Substrate for a Saltwater Aquarium

Aquarium fishes, Angelfish (Pterophyllum altum)
DEA - C. DANI/De Agostini Picture Library/Getty Images

Much more than just the "stuff on the bottom of the tank", the aquarium substrate is an integral part of any saltwater aquarium system. Besides contributing to the visual appeal of a tank, substrate mediums also serve other purposes:

  • The substrate in a marine aquarium is a vital part of the biological filter base of an aquarium, and if you choose to use a non-living media over live sand, it will become " alive" as the tank goes through the cycling process as the aquarium matures.
  • Fine-grained mediums (1.0 to 2.0 mm diameter grain size) are used for NNR (Natural Nitrate Reduction) in conjunction with denitrification filtration setups, such as plenum, fluidized and deep sand bed filters, while courser grain sizes (2.0 to 5.5mm) may be used in wet/dry trickle filters, or when a UGF (Undergravel Filter) is present.
  • Fine-grained mediums (0.5-1.7 mm grain size or sugar-sized sand) is best for sand sifting fish such as Gobies.
  • It provides refuge for many types of bottom-dwelling marine fish and invertebrates that either build burrows or bury themselves in the substrate, like various species of Wrasses, Gobies, Blennies, Mandarinfishes, Shrimps, Starfishes and such. A somewhat fine to small grained medium is good for these types of animals as the heavier substrates may damage the animals as they plow through it. Wrasses, in particular, seem to incur external infections when kept in the heavier substrates.​
  • Certain types of sand-sifting invertebrates ingest substrate and extract organic matter from it, like sea cucumbers. Animals such as these rely on the substrate as a source of nutrition, and therefore a rather fine-grained medium should be provided.
  • The substrate houses other smaller critters, such as amphipods, copepods, and marine worms, which are a source of food for some other marine animals.
  • Natural ocean mediums are calcium-based, which is beneficial to saltwater systems in many ways.
  • A calcium-based media of the right consistency makes a good material for use in a calcium reactor.
  • It is a material used for making DIY rocks.

There can be quite a price difference between different grades and brands of substrates.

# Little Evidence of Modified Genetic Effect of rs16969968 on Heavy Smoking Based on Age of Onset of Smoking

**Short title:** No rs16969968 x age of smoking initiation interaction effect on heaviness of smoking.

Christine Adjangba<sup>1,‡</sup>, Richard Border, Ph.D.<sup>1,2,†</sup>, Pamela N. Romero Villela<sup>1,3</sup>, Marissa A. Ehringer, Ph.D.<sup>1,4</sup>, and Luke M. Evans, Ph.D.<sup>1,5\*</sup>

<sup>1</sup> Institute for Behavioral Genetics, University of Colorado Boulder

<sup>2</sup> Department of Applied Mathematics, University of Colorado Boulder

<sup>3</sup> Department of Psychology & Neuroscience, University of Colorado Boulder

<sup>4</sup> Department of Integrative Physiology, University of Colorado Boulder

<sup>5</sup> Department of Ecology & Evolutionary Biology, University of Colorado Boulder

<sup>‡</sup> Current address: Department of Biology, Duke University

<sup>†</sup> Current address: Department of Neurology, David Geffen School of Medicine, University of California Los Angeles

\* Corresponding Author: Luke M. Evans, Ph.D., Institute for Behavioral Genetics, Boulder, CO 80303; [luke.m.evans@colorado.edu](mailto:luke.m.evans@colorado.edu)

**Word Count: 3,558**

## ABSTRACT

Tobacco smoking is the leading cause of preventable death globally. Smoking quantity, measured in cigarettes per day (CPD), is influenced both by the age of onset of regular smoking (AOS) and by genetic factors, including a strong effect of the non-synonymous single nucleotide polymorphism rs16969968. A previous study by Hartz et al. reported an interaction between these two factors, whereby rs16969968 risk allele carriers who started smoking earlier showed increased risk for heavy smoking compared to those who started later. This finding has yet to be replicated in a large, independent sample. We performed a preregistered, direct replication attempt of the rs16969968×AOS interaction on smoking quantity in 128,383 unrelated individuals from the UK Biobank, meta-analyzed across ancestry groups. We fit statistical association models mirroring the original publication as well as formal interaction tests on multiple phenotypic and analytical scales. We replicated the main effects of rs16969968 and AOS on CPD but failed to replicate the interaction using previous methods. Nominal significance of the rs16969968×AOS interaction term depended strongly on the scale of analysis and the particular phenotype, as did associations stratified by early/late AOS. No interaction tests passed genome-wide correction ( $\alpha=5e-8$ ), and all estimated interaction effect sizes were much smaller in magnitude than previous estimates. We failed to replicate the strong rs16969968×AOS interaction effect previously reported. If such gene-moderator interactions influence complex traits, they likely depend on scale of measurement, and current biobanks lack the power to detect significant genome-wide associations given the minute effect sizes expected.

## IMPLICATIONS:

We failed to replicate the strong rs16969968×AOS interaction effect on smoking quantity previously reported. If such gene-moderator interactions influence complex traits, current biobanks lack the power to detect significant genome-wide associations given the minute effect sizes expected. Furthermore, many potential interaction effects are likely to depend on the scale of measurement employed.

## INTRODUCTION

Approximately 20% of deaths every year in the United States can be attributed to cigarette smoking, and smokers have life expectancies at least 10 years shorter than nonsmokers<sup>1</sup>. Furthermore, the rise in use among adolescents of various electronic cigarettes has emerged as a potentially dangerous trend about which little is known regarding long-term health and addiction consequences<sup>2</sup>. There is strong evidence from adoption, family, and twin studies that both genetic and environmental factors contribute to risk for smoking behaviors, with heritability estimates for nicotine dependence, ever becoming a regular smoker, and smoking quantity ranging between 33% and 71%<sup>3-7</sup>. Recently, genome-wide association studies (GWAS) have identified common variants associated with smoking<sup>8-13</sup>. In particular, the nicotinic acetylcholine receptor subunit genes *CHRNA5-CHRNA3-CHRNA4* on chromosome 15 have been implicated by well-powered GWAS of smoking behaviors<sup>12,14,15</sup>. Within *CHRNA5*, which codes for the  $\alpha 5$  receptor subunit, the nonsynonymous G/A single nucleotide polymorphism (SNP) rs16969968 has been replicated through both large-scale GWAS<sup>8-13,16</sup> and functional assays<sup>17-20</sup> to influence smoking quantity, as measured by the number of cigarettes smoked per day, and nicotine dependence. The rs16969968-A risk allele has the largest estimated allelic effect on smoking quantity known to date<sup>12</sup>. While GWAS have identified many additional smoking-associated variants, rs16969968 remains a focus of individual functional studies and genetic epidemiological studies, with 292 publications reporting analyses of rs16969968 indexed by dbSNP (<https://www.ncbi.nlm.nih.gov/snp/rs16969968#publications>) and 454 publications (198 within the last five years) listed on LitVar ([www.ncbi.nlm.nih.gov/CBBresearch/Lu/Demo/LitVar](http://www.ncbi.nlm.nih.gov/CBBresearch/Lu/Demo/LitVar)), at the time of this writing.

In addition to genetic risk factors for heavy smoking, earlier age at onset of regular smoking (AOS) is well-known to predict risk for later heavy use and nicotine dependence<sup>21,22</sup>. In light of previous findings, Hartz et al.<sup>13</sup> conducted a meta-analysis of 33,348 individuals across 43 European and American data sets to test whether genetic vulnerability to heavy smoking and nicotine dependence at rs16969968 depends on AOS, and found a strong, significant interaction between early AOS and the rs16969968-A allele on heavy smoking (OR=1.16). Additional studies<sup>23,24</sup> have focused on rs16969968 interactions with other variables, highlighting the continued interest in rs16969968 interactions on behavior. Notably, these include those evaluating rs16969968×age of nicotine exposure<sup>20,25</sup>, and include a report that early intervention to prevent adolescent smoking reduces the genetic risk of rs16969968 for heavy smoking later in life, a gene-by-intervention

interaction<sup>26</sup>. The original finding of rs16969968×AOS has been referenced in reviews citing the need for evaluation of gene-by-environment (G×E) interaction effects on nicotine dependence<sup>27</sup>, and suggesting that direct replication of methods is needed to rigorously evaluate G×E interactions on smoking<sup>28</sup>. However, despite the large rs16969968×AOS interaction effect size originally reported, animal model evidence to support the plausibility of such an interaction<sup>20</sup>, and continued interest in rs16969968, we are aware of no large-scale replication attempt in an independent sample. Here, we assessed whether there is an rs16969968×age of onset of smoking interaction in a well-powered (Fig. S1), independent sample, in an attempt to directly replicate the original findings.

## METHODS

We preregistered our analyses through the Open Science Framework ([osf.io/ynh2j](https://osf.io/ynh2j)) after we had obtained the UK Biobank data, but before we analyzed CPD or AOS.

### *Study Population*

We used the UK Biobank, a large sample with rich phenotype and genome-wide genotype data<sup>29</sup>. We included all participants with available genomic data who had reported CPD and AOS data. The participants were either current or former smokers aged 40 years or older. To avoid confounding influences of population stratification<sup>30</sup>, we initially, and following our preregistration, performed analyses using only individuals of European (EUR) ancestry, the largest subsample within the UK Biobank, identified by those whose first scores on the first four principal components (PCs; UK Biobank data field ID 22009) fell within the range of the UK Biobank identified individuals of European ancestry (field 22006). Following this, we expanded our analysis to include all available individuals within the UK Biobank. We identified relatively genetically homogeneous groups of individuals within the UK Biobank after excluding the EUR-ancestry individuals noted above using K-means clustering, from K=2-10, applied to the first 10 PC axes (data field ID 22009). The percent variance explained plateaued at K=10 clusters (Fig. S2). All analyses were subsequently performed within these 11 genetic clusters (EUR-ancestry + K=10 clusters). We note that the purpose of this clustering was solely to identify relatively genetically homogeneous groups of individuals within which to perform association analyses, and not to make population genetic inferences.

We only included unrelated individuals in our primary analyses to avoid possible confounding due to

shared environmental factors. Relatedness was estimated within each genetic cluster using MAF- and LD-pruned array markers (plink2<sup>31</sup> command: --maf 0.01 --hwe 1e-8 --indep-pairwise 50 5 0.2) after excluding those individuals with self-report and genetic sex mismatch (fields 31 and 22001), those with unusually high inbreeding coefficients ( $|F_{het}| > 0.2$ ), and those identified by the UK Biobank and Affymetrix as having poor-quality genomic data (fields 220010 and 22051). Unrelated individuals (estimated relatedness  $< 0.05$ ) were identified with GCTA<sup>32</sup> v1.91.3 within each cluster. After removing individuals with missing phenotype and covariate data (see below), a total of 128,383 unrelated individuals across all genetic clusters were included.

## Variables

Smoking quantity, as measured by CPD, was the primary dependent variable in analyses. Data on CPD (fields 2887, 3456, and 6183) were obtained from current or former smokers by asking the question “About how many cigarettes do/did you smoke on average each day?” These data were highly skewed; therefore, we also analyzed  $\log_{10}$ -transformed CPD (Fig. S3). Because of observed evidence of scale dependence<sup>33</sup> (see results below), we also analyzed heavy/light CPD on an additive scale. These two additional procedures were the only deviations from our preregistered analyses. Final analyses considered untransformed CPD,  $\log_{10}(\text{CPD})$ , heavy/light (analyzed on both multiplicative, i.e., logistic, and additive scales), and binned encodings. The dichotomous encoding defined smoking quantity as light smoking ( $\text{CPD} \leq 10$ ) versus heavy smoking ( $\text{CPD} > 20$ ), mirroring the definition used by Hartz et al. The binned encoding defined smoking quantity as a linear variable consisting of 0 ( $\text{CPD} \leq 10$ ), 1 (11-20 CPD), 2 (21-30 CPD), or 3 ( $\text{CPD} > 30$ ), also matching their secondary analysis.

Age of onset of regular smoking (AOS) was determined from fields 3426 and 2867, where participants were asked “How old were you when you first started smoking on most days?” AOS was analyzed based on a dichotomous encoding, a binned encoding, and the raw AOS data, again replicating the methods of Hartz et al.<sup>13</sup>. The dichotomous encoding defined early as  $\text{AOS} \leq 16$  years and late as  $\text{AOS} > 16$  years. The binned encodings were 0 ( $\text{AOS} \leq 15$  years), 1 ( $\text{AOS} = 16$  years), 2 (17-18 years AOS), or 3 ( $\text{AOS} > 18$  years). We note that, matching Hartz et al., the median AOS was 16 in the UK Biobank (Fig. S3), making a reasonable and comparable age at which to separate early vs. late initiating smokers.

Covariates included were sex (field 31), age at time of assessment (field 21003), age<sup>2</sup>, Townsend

When deciding on what "consistency" of substrate to buy, as you can see one has to not only consider what it is going to look like, but factor in what it is going to be used for, if it will be appropriate for the kind of system you are setting up, and conducive to the particular types of marine life that will be kept in it.

Before you purchase your substrate material, keep in mind that heavier substrates have a tendency to stay put on the bottom of your tank. If you are going to have a number of powerheads in your tank for a lot of water circulation, you will want a heavier substrate.

One last thing to consider is "where" the medium comes from. Sand (like the type used in a children's play sand-box), gravel (such as the kind found in fish stores that comes in pretty colors that is primarily sold for freshwater tanks), as well as rocks that are quarried on land often contain unwanted minerals, metals, silicates, and possibly chemicals or toxins that may leach out into the aquarium water and become problematic. Therefore, land-based materials are not recommended.

The best kind of substrate to choose is one that is naturally high in calcium content that originates from the ocean. Aragonite, coral/reef, and shell-based mediums are the top choices, which can be bought in various colors such as pink, black, white and neutral tones, and come in a wide range of consistencies from very fine to small grain, and medium to coarse textures.

  • Tip: For aquariums where no "sand" sifting or dwelling animals are present, a somewhat large or coarse-textured shell media can be very eye appealing, such as in a specific fish-only predatory tank community that houses Triggers, Lionfishes, Puffers, Hawkfishes, Eels and such.